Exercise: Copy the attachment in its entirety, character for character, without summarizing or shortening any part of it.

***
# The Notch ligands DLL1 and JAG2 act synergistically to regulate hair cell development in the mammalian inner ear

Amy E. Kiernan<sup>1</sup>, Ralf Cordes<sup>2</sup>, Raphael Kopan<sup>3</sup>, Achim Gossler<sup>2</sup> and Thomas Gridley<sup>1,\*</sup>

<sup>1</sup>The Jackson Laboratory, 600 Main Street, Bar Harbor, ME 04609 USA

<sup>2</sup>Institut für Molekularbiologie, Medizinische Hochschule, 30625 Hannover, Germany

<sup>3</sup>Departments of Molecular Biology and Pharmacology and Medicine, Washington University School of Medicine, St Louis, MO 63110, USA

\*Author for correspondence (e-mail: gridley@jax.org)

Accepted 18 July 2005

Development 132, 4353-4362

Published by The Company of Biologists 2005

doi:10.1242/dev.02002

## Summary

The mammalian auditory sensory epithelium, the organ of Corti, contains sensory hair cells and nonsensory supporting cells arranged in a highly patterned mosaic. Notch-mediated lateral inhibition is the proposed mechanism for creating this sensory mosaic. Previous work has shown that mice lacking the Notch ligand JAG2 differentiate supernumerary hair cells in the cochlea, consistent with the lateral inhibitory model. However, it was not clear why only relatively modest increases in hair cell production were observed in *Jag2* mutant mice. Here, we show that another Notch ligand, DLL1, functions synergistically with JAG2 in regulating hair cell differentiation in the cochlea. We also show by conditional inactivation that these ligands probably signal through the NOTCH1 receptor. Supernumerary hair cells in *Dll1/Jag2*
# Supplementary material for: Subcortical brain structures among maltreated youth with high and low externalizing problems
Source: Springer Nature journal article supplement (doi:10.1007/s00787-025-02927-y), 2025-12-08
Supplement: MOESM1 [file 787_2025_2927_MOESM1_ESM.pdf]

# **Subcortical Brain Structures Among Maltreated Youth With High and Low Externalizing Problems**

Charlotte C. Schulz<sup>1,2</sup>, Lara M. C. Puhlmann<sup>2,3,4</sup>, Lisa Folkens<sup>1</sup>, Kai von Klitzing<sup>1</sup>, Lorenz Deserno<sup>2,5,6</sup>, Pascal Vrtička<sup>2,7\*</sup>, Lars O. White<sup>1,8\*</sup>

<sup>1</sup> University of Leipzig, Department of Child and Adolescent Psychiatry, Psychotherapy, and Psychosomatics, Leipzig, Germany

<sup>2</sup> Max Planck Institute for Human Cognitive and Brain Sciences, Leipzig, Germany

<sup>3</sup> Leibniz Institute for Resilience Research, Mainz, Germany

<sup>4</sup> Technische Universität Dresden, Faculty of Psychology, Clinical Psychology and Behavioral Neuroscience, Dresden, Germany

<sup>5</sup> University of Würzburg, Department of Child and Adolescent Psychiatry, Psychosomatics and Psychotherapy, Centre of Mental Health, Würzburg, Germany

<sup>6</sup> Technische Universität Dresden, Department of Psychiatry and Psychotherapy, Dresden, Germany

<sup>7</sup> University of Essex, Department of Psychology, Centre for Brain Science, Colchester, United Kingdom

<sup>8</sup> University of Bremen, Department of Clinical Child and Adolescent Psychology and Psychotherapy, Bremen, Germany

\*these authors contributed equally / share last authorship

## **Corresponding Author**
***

# The Notch ligands DLL1 and JAG2 act synergistically to regulate hair cell development in the mammalian inner ear

Amy E. Kiernan<sup>1</sup>, Ralf Cordes<sup>2</sup>, Raphael Kopan<sup>3</sup>, Achim Gossler<sup>2</sup> and Thomas Gridley<sup>1,\*</sup>

<sup>1</sup>The Jackson Laboratory, 600 Main Street, Bar Harbor, ME 04609 USA

<sup>2</sup>Institut für Molekularbiologie, Medizinische Hochschule, 30625 Hannover, Germany

<sup>3</sup>Departments of Molecular Biology and Pharmacology and Medicine, Washington University School of Medicine, St Louis, MO 63110, USA

\*Author for correspondence (e-mail: gridley@jax.org)

Accepted 18 July 2005

Development 132, 4353-4362

Published by The Company of Biologists 2005

doi:10.1242/dev.02002

## Summary

The mammalian auditory sensory epithelium, the organ of Corti, contains sensory hair cells and nonsensory supporting cells arranged in a highly patterned mosaic. Notch-mediated lateral inhibition is the proposed mechanism for creating this sensory mosaic. Previous work has shown that mice lacking the Notch ligand JAG2 differentiate supernumerary hair cells in the cochlea, consistent with the lateral inhibitory model. However, it was not clear why only relatively modest increases in hair cell production were observed in *Jag2* mutant mice. Here, we show that another Notch ligand, DLL1, functions synergistically with JAG2 in regulating hair cell differentiation in the cochlea. We also show by conditional inactivation that these ligands probably signal through the NOTCH1 receptor. Supernumerary hair cells in *Dll1/Jag2*
# Supplementary material for: Subcortical brain structures among maltreated youth with high and low externalizing problems
Source: Springer Nature journal article supplement (doi:10.1007/s00787-025-02927-y), 2025-12-08
Supplement: MOESM1 [file 787_2025_2927_MOESM1_ESM.pdf]

# **Subcortical Brain Structures Among Maltreated Youth With High and Low Externalizing Problems**

Charlotte C. Schulz<sup>1,2</sup>, Lara M. C. Puhlmann<sup>2,3,4</sup>, Lisa Folkens<sup>1</sup>, Kai von Klitzing<sup>1</sup>, Lorenz Deserno<sup>2,5,6</sup>, Pascal Vrtička<sup>2,7\*</sup>, Lars O. White<sup>1,8\*</sup>

<sup>1</sup> University of Leipzig, Department of Child and Adolescent Psychiatry, Psychotherapy, and Psychosomatics, Leipzig, Germany

<sup>2</sup> Max Planck Institute for Human Cognitive and Brain Sciences, Leipzig, Germany

<sup>3</sup> Leibniz Institute for Resilience Research, Mainz, Germany

<sup>4</sup> Technische Universität Dresden, Faculty of Psychology, Clinical Psychology and Behavioral Neuroscience, Dresden, Germany

<sup>5</sup> University of Würzburg, Department of Child and Adolescent Psychiatry, Psychosomatics and Psychotherapy, Centre of Mental Health, Würzburg, Germany

<sup>6</sup> Technische Universität Dresden, Department of Psychiatry and Psychotherapy, Dresden, Germany

<sup>7</sup> University of Essex, Department of Psychology, Centre for Brain Science, Colchester, United Kingdom

<sup>8</sup> University of Bremen, Department of Clinical Child and Adolescent Psychology and Psychotherapy, Bremen, Germany

\*these authors contributed equally / share last authorship

## **Corresponding Author**